Supporters say a bill licensing dental therapists could help fill a void in basic dental services across Kansas. They’re determined to carry on even though the bill didn’t come to a vote in committee during this legislative session.
“We know there’s still support for the bill in the Legislature as a whole and the public, so we will keep moving forward and continuing to work on it,” Katrina McGivern, policy and public affairs director at the Kansas Association for the Medically Underserved, said in a phone interview. “There’s always options for amendments on the floor. There’s ways.”
It’s not the first time supporters have fought for dental therapists. Similar bills were considered in 2011, 2013, 2015 and 2016.
McGivern said she believes such a bill could potentially be brought up in the Senate. If it comes to it, they will continue working on the bill next year.
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Rep. Daniel Hawkins, R-Wichita, said Friday that the Health and Human Services Committee, which he chairs, probably wouldn’t have time to get to the dental therapist bill. Monday was the last meeting of the committee, while Thursday is “turnaround day,” the deadline to consider bills in their house of origin.
Bryan Brady, CEO of First Care Clinic in Hays, isn’t sure how many patients have fallen through the cracks in the 13 months during which he’s been unable to hire a second dentist.
The clinic also had to stop seeing dental patients entirely for about 40 days in 2015 after its two dentists left.
“We’re constantly full,” Brady said. “We know there are people who are not being served.”
Brady sees dental therapists as equivalent to a nurse practitioner or physician assistant, but for the dental profession. If he could hire one, he could fill the gap in services at First Care, he said.
Opponents of dental therapists, however, say many surgical procedures should be done only by a fully trained dentist.
Currently, 87 counties in Kansas do not have enough dentists, according to Kansas Department of Health and Environment data from December.
In terms of dentists per capita, Kansas ranks 35th in the nation, according to America’s Health Rankings.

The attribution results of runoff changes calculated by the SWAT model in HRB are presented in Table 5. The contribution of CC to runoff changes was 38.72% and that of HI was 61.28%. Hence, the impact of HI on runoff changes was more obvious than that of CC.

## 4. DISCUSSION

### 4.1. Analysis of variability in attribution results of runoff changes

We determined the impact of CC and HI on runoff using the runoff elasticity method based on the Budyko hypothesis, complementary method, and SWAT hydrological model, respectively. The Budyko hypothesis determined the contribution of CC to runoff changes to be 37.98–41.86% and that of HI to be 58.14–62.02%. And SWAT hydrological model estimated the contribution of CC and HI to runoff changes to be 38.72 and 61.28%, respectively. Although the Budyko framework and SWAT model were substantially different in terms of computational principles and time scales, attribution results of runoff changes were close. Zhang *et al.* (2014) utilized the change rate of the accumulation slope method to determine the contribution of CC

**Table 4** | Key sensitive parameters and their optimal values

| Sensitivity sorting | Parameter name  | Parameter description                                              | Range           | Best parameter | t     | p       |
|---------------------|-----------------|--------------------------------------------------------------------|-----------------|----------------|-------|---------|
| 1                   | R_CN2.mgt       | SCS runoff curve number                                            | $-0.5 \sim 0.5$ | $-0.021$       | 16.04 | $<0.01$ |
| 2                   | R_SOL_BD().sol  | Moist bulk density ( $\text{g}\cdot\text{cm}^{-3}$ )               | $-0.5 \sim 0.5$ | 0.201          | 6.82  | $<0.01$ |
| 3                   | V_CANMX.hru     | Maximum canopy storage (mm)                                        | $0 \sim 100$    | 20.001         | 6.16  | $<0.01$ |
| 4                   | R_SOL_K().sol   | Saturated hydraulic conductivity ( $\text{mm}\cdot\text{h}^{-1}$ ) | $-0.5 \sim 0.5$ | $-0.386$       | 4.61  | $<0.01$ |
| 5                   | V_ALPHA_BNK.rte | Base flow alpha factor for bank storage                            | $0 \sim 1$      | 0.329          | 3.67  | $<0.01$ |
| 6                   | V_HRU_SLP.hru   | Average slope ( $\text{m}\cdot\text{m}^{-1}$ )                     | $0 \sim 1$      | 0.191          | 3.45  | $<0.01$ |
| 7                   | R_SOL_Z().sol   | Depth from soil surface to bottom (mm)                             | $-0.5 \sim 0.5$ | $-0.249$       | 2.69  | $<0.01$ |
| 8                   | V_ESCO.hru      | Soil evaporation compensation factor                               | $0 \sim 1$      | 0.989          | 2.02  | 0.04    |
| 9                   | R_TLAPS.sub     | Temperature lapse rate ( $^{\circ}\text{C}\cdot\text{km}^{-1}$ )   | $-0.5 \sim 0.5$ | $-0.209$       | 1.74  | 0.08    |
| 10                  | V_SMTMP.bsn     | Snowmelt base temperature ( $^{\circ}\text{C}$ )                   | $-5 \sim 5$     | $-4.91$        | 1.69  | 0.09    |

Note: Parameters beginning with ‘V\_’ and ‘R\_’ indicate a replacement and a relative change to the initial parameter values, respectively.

McGivern said it’s not just a lack of dentists but also whether dentists accept Medicaid.
There might be a dentist available, but if that dentist doesn’t serve people with Medicaid, that leaves out a population needing care.
The Kansas Association for the Medically Underserved was one of the co-leaders advocating for House Bill 2139, which would have allowed dental therapists to perform a number of services including cleanings, filling cavities, extracting certain baby teeth and diagnosing dental decay.
If the bill had become a law, dental therapists would have to be licensed through the same exams as dentists, albeit on fewer procedures, McGivern said. Other supporters of the bill included Kansas Action for Children and Oral Health Kansas.
“Dental therapists have been proven safe and effective across the country,” McGivern said. “They’ve been in the United States working for 10 years now.”
Kevin Robertson, executive director of the Kansas Dental Association, said fillings, extracting teeth, cutting into tissue and using a high-speed hand piece are all too complex for someone without years of training.
“We really think it’s more appropriate for dentists to be treating folks in those areas,” Robertson said.
The need for dentists in rural areas should be met through scholarships and working on KanCare, not dental therapists, Robertson said.
Robertson also disputed the idea that 87 counties should be considered dental health professional shortage areas, saying the numbers don’t add up.
In 2011, Kansas’ Bureau of Oral Health and the University of Kansas Medical Center’s Center for Community Health Improvement issued a study listing only four dental care service deserts, containing about 57,000 Kansans.
Philip Newkirk, a dentist in Neodesha, said he’s concerned a dentist might not be there to help in the event of an emergency.
“It’s a quality-of-care issue,” he said. “Sometimes things go wrong.”
He also said Kansas has enough dentists but is not able to serve people because of issues with Medicaid.
“Rather than getting people that are less trained and watered-down providers, if we would let our professionals do more work by increasing Medicaid reimbursement, that would be a more effective way of getting people the care they need,” Newkirk said.